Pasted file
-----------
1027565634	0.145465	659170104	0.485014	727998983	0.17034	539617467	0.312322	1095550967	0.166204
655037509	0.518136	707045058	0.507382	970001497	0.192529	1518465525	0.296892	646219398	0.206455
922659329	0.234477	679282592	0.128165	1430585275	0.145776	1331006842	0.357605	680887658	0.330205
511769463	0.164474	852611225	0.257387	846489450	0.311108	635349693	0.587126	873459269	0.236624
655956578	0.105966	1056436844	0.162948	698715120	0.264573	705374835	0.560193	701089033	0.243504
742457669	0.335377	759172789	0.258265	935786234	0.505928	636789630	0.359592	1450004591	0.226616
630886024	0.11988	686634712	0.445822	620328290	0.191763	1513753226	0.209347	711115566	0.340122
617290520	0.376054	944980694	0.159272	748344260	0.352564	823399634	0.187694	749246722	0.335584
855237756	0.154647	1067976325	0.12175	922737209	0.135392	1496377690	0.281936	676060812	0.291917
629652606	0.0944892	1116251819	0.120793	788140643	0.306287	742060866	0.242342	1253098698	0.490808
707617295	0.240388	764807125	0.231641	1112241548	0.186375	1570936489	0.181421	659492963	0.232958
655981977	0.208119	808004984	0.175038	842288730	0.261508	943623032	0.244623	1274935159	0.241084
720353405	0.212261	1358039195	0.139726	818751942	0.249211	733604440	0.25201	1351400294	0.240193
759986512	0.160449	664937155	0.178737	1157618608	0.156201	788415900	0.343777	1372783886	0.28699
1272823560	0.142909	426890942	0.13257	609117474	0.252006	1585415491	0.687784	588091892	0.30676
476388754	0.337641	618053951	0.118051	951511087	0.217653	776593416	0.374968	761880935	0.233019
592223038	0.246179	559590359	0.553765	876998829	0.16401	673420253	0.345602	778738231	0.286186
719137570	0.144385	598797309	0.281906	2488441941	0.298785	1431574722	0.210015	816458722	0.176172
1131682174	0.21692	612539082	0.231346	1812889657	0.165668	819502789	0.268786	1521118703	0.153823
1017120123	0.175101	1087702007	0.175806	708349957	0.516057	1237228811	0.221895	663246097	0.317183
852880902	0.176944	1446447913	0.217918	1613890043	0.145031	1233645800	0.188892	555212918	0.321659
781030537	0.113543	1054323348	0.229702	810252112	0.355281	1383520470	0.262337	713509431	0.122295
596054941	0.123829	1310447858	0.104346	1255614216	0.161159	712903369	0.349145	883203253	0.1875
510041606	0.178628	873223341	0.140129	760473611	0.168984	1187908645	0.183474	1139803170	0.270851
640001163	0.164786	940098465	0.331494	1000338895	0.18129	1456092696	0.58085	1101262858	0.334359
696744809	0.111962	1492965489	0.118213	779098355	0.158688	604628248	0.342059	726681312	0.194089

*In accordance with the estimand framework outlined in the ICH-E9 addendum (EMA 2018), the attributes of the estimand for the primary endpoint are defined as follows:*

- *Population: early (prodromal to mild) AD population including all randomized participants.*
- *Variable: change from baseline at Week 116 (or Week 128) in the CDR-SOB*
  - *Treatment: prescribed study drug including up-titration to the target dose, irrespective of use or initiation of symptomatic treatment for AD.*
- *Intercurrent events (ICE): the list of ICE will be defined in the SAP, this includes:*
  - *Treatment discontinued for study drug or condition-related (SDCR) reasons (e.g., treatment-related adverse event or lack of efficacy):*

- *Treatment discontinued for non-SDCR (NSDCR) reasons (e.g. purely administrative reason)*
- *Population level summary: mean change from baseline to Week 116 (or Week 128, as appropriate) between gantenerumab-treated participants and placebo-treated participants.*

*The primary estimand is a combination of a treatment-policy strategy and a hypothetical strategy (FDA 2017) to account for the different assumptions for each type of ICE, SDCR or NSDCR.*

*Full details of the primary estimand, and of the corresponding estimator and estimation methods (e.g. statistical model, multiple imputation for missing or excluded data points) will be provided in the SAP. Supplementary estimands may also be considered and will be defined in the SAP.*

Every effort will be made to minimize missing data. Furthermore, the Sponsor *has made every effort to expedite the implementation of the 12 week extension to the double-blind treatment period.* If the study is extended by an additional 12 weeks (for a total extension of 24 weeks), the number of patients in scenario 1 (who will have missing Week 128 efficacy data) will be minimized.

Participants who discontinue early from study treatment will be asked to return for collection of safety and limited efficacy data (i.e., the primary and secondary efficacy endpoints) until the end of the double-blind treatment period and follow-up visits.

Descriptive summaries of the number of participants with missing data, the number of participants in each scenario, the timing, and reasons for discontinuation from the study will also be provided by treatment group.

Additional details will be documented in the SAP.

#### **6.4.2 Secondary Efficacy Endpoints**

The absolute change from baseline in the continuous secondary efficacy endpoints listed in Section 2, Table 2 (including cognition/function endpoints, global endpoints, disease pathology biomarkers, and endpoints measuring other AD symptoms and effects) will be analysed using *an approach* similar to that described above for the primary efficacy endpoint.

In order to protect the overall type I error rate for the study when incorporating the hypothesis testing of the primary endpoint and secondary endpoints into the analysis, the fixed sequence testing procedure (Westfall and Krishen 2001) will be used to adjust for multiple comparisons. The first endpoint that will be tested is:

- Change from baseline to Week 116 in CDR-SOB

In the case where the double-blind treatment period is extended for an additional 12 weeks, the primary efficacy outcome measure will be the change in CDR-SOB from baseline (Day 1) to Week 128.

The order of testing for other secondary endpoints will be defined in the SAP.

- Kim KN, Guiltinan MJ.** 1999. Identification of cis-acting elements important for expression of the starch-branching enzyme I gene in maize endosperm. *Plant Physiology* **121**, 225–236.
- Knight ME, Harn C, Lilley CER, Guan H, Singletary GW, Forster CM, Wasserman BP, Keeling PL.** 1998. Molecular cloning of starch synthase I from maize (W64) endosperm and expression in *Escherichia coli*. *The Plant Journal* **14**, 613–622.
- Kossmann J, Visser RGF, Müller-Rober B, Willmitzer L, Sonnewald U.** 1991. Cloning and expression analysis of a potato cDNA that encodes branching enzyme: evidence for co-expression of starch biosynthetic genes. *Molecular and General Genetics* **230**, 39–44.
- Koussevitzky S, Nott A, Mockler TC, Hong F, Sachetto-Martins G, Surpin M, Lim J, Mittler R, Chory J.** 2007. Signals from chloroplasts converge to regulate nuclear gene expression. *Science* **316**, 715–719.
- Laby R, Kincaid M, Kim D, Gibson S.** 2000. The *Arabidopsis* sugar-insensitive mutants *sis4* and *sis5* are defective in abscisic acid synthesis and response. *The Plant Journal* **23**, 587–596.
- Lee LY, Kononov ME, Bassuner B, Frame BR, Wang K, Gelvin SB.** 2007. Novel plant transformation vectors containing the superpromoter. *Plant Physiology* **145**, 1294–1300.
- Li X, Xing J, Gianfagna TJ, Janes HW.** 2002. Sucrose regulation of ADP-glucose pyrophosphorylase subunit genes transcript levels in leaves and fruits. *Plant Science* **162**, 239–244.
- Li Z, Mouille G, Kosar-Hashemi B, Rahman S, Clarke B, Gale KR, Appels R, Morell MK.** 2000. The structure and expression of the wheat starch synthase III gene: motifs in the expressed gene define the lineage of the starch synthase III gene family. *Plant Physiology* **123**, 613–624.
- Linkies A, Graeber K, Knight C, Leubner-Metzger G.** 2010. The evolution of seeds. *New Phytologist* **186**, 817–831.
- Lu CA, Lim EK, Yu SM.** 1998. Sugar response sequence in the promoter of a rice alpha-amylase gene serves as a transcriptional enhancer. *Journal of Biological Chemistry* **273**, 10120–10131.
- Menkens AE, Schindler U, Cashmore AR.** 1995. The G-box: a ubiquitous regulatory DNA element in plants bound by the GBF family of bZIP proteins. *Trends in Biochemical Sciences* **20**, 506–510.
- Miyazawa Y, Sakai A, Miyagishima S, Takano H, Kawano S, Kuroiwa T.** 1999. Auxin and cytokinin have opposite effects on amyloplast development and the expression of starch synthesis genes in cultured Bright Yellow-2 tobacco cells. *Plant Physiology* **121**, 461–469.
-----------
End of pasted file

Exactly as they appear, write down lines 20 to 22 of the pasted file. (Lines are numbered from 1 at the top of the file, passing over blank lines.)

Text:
1017120123	0.175101	1087702007	0.175806	708349957	0.516057	1237228811	0.221895	663246097	0.317183
852880902	0.176944	1446447913	0.217918	1613890043	0.145031	1233645800	0.188892	555212918	0.321659
781030537	0.113543	1054323348	0.229702	810252112	0.355281	1383520470	0.262337	713509431	0.122295